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Pirate Camping :: Cartagena, Colombia

By Nick H-J

Notwithstanding all the other complications, timing of arrival in Cartagena is tricky since you will be traveling separately from your vehicle.  Assuming you can get yourself and your vehicle there at roughly the same time, there is still the process of retrieving it from the port and getting it through customs.  This basically means that you will likely have to stay in a hotel or hostel for at least a night or two.  For us, that was a new experience, since we camp nearly every night.  We liked it (and Cartagena) so much that, after seven months on the road, we rented a room for a month with another couple (Greg and Kerri, of mugging and stabbing infamy).  It was cheap to rent a room when split four ways, but it left us with the question of parking the truck somewhere.  The secure parking lots were as expensive as the room, so that seemed ridiculous.  Since I had spent so much time making the truck secure, it seemed it was time to put it to the test.  I found a spot and parked the truck out in the open for more than a month (in perilous Colombia), and all went well.  I also recommended this same spot to other ramblers that came through Cartagena while we were there.  Several of them pirate camped there without incident.  If you are looking for a spot to camp or to store your whip while you check out the town, this is the spot for you.  I will say that I don’t recommend storing a vehicle here or anywhere else for a great length of time if it is not EXTREMELY secure.  I also recommend spending a little time in the area and meeting the local homeless population.  I paid one of them to keep an eye on the truck for me, though I don’t have the slightest idea if that helped.

Getsemani is the area I recommend staying in Cartagena.  It is in the south eastern side of the ‘island’ that makes up the city center (old Cartagena shown in the upper left of the satellite photo).  Just south across the Roman Bridge (Puente Romano) from Getsemani is a more wealthy neighborhood called Manga (on the bottom right side of the satellite photo).  Once across Puente Romano make the first right hand turn you can.  This will lead you toward the water and you will pass Club De Pesca (the swanky marina) on your right.  As you pass the marina you will see an old fortification in front of you (which is now a public parking lot) and you will be forced to turn left 90 degrees.  You will now be driving along the waterfront.  As soon as you see the water on your right you will see parking spaces on the right along the road.  This is where I parked (marked on the satellite photo).  There are several sets of parking spaces along this waterfront area (which has a walking path along it).  I chose the first set of spaces because there is a guard posted at the entrance to the public lot, and though he does not guard the public lot (he just stands outside of it), he is always there and so might deter some mischief.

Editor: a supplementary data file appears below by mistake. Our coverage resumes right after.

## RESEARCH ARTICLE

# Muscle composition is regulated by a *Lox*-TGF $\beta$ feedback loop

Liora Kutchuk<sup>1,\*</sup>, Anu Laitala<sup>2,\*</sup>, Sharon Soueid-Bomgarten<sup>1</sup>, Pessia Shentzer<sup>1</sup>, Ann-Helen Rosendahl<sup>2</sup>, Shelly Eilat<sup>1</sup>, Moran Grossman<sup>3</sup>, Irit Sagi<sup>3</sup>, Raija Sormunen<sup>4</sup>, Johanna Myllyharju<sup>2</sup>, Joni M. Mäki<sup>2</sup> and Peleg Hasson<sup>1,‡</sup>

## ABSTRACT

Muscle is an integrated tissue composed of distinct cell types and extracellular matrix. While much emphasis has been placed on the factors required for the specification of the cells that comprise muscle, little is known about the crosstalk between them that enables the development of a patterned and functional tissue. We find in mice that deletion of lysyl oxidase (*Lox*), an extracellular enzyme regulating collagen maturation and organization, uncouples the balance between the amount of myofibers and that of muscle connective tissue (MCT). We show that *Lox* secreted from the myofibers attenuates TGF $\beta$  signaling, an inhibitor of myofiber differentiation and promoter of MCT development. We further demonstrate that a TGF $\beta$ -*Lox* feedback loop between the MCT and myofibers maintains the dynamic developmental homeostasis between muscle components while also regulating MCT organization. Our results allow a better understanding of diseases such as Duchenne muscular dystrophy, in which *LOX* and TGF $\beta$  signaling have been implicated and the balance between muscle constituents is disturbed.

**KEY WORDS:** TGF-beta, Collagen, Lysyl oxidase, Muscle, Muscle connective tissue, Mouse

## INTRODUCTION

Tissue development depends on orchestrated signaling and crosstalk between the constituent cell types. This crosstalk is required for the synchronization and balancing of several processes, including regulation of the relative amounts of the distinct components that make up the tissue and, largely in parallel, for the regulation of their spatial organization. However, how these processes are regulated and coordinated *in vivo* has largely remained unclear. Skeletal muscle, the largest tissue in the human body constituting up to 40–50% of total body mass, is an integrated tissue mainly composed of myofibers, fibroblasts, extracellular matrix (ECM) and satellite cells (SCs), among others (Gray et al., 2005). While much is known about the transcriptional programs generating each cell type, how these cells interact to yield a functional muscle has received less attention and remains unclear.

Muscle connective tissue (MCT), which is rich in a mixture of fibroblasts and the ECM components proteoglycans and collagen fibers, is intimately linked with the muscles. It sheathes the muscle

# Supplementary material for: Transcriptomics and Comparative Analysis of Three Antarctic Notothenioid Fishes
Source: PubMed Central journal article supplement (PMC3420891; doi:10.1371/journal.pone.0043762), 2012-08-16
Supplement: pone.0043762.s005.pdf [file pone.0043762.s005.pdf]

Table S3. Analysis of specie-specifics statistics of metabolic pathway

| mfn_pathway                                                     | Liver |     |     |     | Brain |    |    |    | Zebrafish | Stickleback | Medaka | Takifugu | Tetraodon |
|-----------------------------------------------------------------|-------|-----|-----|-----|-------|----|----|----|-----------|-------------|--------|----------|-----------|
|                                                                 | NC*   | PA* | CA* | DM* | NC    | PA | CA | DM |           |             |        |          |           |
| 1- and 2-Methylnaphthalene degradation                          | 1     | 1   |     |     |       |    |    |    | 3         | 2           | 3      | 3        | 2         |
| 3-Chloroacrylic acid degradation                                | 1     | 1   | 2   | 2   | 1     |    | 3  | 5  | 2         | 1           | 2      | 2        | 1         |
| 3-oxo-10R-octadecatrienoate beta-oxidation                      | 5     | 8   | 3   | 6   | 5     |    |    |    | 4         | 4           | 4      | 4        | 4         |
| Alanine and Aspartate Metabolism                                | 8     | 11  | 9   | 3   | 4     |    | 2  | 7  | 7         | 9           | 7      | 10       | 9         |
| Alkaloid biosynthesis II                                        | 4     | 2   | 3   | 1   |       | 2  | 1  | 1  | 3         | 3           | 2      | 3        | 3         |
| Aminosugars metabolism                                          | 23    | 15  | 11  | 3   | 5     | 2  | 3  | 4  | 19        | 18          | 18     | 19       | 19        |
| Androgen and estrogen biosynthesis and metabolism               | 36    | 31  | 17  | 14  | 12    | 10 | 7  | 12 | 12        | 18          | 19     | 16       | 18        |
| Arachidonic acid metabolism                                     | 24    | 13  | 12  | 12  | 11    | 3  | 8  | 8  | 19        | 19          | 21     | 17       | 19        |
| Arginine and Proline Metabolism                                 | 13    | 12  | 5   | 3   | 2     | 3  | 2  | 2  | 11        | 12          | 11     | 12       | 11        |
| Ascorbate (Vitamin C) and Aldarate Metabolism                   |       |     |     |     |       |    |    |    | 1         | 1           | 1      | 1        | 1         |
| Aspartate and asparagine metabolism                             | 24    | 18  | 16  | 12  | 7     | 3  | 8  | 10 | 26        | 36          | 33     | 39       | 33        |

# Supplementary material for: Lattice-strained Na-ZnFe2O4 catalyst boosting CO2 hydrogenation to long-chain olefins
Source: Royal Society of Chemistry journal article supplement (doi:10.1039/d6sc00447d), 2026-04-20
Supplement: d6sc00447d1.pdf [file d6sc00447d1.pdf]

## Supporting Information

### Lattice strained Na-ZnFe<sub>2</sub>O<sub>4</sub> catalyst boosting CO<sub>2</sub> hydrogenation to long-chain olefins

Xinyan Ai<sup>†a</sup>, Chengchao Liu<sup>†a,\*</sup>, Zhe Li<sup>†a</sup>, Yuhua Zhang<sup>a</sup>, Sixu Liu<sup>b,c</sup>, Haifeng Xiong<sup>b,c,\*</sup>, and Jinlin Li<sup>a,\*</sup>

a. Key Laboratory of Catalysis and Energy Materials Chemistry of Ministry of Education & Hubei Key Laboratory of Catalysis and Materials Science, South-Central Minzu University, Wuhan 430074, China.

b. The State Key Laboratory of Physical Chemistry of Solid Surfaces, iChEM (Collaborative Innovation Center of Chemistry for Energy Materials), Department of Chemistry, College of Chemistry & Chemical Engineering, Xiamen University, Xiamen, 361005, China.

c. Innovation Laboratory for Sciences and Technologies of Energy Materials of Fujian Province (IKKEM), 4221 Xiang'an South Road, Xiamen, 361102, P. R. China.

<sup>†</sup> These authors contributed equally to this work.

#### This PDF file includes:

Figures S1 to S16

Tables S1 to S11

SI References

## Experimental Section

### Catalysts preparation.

For those of you with GPS the coordinates of the site are:

N10° 24′ 49.68″  W75° 32′ 35.0154″

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One Comment

  1. Tipping the “homeless people” to watch your car is the norm in South America. You should always do it. A little before and a little more afterwards and you will be well taken care of. If you don’t tip in some areas, they may at least deflate your tires to give you a lesson. Trust me on that one.

    1. seth allan ames on December 5th, 2009 at 11:42 am

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